DENVER — The Broncos' loss Sunday came with identifying marks like mustard stains on a tuxedo. In falling to 5-9 overall, the Broncos secured three straight losing seasons for the first time since 1970-72. The Broncos fell to 3-18 in December in Kansas City and rookie Drew Lock failed to become the first Denver quarterback to win his first three starts.
The 23-3 boxing of the Broncos' ears clobbered Von Miller over the head. He became introspective in ways uncommon for him, saying, "It defeats my soul. It's different from my lens. I am 30 years old. I have been playing in the league for nine years. I am ready to go again, bring what we had in the past back. I want that back. Down years, four down years, I get it. Now we are trying to get that going again. I am not losing hope. I am just telling you how I feel after this game. It doesn't feel good at all."
Miller's comments proved jarring — he mentioned that the team has tried everything from new coaches to team bonding to new schemes — because it spoke to the chasm between the Broncos and Chiefs, who have beaten Denver nine straight times. It created speculation that Miller was sending a message that he was open to leaving if the Broncos wanted to move on. Miller told me Sunday he still has hope, but his comments left many wondering about his future.
Coach Vic Fangio was not among them. Monday, he was asked what he thought about Miller's comments.
“I heard a little bit of it. I just think it’s the frustration of losing to those guys again and going through the last four years now where (there) hasn’t been a winning season," Fangio said. "But he’s been a positive influence and positive part of this team. That will continue."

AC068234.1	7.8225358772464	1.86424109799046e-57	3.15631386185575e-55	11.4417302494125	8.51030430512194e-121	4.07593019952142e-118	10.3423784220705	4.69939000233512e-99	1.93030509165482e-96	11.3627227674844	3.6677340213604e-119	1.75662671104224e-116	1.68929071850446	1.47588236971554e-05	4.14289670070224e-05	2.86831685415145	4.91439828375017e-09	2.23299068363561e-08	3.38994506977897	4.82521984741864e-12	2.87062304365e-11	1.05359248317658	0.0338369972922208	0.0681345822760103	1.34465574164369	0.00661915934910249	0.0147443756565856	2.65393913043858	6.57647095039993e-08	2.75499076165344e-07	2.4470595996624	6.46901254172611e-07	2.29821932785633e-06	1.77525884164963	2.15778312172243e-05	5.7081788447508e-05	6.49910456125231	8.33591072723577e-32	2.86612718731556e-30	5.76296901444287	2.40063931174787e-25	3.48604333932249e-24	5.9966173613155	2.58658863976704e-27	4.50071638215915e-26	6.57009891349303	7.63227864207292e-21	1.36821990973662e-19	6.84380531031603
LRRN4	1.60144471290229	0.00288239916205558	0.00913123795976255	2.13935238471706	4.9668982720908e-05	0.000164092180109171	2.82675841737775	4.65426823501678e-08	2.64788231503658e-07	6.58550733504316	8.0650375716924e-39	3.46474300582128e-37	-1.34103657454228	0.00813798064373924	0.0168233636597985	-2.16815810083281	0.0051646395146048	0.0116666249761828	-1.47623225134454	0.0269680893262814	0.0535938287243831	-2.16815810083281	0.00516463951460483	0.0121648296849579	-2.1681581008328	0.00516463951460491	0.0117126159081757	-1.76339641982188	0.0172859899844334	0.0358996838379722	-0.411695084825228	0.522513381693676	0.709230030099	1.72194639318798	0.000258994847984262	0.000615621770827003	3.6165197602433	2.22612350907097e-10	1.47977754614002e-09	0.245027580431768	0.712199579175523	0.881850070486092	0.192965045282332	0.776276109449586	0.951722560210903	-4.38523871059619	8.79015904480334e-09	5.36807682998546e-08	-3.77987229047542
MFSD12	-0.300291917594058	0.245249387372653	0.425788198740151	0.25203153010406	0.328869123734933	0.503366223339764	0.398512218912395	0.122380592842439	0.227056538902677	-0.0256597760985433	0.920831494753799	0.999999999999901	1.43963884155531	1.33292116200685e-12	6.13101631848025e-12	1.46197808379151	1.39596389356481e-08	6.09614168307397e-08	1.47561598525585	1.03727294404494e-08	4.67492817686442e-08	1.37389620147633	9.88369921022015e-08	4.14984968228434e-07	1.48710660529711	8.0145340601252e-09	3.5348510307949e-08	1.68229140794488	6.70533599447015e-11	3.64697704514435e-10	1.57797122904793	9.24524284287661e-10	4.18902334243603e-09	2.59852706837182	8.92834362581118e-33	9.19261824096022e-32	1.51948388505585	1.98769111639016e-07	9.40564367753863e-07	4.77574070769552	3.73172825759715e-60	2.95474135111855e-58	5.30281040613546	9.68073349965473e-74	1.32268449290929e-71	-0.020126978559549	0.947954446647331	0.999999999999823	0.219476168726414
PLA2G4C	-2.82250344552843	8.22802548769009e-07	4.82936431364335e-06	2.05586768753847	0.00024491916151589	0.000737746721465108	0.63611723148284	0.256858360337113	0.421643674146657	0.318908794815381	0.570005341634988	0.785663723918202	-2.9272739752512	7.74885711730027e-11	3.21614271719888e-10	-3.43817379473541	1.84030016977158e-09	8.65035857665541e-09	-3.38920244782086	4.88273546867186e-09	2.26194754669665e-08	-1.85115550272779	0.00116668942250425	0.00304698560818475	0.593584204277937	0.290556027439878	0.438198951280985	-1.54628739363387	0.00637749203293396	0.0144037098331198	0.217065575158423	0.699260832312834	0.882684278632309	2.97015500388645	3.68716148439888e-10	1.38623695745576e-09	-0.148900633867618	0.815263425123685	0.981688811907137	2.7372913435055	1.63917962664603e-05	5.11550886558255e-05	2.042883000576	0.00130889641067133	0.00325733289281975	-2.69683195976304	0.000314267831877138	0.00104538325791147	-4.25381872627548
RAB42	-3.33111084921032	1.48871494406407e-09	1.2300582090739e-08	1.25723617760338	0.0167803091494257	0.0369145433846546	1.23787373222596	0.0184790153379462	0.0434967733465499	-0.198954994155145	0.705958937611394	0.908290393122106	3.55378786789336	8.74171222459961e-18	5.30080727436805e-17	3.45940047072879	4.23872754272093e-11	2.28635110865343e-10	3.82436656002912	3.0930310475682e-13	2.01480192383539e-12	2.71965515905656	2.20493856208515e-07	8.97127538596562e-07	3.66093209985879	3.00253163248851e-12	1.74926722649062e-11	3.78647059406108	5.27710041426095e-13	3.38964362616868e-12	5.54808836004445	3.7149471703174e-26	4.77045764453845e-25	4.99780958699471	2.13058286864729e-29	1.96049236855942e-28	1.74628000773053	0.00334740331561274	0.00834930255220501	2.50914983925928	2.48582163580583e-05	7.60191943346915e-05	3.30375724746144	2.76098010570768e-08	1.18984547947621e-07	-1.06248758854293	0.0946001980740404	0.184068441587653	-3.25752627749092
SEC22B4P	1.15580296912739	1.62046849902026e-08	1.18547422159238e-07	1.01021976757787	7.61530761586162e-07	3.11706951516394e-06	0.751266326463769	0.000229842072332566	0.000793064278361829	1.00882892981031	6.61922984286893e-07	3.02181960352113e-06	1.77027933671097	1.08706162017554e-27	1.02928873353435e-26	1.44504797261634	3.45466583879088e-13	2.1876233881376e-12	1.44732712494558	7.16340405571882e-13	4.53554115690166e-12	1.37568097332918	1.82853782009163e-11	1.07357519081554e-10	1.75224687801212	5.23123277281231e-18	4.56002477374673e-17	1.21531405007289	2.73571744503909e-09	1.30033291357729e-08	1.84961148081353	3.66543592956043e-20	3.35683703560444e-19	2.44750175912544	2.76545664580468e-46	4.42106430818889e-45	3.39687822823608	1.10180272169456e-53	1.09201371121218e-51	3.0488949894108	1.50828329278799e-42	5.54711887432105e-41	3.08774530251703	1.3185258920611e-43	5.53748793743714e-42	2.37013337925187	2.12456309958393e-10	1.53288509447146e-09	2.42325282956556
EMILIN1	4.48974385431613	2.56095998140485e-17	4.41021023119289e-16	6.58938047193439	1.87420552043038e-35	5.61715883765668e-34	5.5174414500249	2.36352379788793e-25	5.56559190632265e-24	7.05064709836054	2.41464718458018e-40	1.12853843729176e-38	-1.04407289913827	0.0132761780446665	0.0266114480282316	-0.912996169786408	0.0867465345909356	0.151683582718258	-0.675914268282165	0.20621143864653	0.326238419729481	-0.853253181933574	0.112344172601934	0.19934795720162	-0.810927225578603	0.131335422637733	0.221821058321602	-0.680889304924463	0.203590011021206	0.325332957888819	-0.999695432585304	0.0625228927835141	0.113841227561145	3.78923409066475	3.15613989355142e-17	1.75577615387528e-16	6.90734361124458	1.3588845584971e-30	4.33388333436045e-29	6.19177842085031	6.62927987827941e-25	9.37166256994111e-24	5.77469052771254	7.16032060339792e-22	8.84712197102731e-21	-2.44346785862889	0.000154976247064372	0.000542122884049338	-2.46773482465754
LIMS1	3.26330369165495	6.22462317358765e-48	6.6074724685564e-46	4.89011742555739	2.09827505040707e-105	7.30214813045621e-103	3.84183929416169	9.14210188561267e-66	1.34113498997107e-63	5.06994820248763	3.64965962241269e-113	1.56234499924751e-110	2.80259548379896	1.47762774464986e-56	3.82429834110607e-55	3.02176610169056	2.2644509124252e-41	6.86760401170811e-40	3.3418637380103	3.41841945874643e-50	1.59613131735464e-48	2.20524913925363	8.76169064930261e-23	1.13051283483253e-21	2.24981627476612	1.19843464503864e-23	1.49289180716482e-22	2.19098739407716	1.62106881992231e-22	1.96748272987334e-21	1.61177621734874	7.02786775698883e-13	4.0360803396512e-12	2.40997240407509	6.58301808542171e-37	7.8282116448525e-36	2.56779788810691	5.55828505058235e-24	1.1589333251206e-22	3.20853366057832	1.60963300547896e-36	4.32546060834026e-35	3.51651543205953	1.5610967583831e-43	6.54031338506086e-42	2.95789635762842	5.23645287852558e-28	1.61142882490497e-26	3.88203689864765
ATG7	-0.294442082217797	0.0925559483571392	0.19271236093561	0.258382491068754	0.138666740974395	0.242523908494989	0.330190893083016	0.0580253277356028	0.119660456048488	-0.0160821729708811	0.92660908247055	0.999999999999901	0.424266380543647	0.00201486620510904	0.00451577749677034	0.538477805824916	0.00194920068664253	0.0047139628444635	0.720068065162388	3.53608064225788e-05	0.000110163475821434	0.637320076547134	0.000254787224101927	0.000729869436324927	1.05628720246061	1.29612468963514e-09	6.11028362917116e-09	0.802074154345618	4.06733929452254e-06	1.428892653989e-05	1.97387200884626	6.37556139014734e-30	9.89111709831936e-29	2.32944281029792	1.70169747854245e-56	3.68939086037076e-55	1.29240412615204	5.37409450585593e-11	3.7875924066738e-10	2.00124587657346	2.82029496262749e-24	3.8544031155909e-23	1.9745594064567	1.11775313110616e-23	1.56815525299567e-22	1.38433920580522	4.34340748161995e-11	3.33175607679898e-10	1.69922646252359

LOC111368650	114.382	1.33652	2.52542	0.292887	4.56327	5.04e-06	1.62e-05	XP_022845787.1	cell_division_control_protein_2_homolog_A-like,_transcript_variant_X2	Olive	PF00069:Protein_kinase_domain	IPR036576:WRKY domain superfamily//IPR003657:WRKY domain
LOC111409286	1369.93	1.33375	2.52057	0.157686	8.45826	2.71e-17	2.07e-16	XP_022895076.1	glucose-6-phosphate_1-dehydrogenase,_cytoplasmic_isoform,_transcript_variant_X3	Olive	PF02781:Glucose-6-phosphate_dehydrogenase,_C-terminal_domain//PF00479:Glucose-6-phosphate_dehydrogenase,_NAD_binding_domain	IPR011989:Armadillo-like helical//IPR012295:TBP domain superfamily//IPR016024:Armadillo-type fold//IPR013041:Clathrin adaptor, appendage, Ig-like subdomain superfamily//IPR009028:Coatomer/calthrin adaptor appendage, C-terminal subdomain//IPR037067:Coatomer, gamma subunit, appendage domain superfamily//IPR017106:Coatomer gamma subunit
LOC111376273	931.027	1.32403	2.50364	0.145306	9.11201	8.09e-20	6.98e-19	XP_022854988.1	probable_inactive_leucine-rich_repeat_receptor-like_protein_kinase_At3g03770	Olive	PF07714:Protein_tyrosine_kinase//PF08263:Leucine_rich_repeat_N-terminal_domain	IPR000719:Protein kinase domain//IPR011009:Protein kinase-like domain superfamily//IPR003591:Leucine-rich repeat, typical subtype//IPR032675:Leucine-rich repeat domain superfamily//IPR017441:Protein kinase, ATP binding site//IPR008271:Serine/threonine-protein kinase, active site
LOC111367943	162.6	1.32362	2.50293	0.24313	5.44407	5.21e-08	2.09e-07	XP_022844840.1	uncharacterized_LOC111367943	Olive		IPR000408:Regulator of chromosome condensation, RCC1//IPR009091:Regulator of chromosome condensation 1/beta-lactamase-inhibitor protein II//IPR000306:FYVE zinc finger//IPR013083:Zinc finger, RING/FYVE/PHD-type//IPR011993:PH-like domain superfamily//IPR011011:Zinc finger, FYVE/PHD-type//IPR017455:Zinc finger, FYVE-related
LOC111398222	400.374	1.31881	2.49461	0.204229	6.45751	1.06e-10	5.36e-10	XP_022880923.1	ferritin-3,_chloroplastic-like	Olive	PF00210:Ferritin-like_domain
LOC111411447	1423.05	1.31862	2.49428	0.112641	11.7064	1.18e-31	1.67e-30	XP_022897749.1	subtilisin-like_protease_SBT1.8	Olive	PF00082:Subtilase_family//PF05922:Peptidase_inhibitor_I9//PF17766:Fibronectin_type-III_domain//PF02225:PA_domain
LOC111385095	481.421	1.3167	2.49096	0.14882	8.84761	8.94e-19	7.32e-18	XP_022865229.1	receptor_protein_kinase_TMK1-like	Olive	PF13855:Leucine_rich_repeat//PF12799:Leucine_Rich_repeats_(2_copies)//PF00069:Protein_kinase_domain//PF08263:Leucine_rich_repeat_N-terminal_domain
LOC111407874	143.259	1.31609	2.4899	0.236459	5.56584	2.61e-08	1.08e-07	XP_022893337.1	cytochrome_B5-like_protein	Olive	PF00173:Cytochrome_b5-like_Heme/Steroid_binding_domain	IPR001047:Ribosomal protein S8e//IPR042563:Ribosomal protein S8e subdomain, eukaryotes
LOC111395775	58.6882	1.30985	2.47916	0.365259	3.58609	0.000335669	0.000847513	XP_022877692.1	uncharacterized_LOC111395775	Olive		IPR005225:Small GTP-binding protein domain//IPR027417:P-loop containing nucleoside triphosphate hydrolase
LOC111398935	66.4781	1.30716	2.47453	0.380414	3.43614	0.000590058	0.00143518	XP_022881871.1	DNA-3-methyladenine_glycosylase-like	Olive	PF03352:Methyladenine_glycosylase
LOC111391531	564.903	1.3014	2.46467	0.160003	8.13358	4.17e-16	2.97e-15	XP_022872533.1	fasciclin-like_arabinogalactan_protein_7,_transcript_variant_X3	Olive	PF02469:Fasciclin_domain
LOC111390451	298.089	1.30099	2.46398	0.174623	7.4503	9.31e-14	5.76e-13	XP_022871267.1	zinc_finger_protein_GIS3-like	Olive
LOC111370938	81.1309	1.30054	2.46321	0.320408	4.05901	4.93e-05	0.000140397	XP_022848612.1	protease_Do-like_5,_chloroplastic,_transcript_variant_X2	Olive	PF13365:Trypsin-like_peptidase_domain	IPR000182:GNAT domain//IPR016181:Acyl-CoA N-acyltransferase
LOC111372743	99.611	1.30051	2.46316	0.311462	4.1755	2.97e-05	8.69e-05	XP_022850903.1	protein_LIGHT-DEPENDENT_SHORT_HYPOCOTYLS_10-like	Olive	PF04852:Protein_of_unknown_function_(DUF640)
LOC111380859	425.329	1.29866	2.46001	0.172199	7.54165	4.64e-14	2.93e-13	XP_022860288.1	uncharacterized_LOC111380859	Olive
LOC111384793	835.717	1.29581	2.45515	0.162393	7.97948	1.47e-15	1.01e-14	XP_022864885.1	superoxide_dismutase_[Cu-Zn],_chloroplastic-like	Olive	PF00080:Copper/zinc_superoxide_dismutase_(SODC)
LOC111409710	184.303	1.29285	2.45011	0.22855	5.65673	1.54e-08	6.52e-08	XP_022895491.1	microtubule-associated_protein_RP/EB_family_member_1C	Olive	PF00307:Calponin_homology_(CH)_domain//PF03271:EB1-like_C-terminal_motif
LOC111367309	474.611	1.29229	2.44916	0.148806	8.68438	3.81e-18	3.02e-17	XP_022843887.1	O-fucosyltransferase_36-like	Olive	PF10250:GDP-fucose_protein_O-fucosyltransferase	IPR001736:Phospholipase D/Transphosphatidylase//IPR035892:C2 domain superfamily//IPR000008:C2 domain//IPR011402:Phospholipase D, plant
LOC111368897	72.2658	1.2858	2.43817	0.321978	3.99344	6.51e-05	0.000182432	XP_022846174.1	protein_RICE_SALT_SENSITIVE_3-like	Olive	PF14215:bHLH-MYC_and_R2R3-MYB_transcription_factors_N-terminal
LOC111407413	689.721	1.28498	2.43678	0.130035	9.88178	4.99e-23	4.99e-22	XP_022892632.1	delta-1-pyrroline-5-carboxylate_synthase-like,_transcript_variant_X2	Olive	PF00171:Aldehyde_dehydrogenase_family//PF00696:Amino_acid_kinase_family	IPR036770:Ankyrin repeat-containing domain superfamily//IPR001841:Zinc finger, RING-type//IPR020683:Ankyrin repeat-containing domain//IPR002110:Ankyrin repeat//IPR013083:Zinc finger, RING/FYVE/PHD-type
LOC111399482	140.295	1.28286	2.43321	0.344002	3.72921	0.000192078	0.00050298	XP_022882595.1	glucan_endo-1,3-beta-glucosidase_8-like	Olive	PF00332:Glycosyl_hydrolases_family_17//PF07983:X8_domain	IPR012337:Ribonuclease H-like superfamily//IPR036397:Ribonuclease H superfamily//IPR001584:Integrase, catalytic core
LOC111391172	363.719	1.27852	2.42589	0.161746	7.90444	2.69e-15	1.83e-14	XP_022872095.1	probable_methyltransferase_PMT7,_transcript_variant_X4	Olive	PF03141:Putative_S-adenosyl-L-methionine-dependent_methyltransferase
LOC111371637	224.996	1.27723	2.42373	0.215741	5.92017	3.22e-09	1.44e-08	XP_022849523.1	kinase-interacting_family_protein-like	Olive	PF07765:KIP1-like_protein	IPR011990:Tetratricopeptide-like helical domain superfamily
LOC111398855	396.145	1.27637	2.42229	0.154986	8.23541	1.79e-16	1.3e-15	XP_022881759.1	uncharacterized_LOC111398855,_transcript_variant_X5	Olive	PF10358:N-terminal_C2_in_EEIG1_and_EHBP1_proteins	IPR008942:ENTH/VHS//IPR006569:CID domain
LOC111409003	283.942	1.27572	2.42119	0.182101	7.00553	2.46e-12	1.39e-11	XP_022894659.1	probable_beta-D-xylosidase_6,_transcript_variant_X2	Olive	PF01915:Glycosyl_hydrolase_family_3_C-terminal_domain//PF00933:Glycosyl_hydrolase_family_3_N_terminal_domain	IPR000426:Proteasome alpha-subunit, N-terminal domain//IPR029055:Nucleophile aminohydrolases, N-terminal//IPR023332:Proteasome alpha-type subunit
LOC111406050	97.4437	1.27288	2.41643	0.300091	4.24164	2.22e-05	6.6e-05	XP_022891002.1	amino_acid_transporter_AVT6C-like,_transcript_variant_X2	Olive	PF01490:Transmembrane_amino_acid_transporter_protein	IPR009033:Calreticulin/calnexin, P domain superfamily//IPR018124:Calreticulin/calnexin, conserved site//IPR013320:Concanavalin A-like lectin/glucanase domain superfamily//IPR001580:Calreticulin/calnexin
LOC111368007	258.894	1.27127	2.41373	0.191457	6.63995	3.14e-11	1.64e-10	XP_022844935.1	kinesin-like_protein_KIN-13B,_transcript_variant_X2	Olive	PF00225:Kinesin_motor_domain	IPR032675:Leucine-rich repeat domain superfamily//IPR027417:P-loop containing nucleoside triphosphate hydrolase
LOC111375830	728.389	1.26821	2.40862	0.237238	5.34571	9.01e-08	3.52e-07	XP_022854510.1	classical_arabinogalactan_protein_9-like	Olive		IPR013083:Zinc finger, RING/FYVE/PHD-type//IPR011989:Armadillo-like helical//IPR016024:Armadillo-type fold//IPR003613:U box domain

Fangio said he would talk with Miller, but that's normal. He speaks with him regularly and believes they are on the same page. Miller is one of four players remaining from the Super Bowl 50 team, along with Chris Harris Jr., Derek Wolfe and Brandon McManus. Miller hasn't topped the Chiefs since that season, and the Broncos have used seven starting quarterbacks. Miller remained bullish on Lock, calling him the future. But he said they need more help around him, as Denver was outclassed Sunday at multiple positions.
"We've tried everything," Miller said. "I don't really know what's going on."
The easy, if not chilling answer, is that the Broncos aren't good enough. They need another good draft haul — the last two years have been strong — and to land impact free agents who can stay healthy. The defense has improved under Fangio, ranking 10th in points allowed at 20.3 and first in opponent red zone scoring. However, the Broncos sit 21st in takeaways, and struggle to get off the field, ranking 22nd in percentage of three-and-out drives produced.
Denver requires upgrades at a handful of positions on both sides of the ball, among them a second receiver, a right guard, possibly a starting right or left tackle, a cornerback, inside linebacker help and line depth.
As much as the defense left disappointed Sunday — the group didn't force a punt until the 6:15 mark of the third quarter — the offense scored three points. It is a gnawing problem. It has been for four years. The Broncos score 17.1 points per game ahead of only Washington and Cincinnati.
"You always want more weapons. That's what Kansas City's got — three or four guys out there who are pretty high quality," Fangio said.
Broncos right tackle Ja'Wuan James spoke with general manager John Elway and Fangio about his troublesome left knee. He sprained his MCL in the opener, and told Denver7 on Friday it continues to buckle. It is possible he lands on the injured reserve this week. "I don't know the answers to that yet. We're working though it. ... I don't think he feels it's 100 percent, so he's a little leery right now," Fangio said. ... Tight end Noah Fant undwerwent an MRI on shoulder on Monday, and Fangio believes he will be "fine" moving forward. Fant has played through multiple injuries over the last few weeks.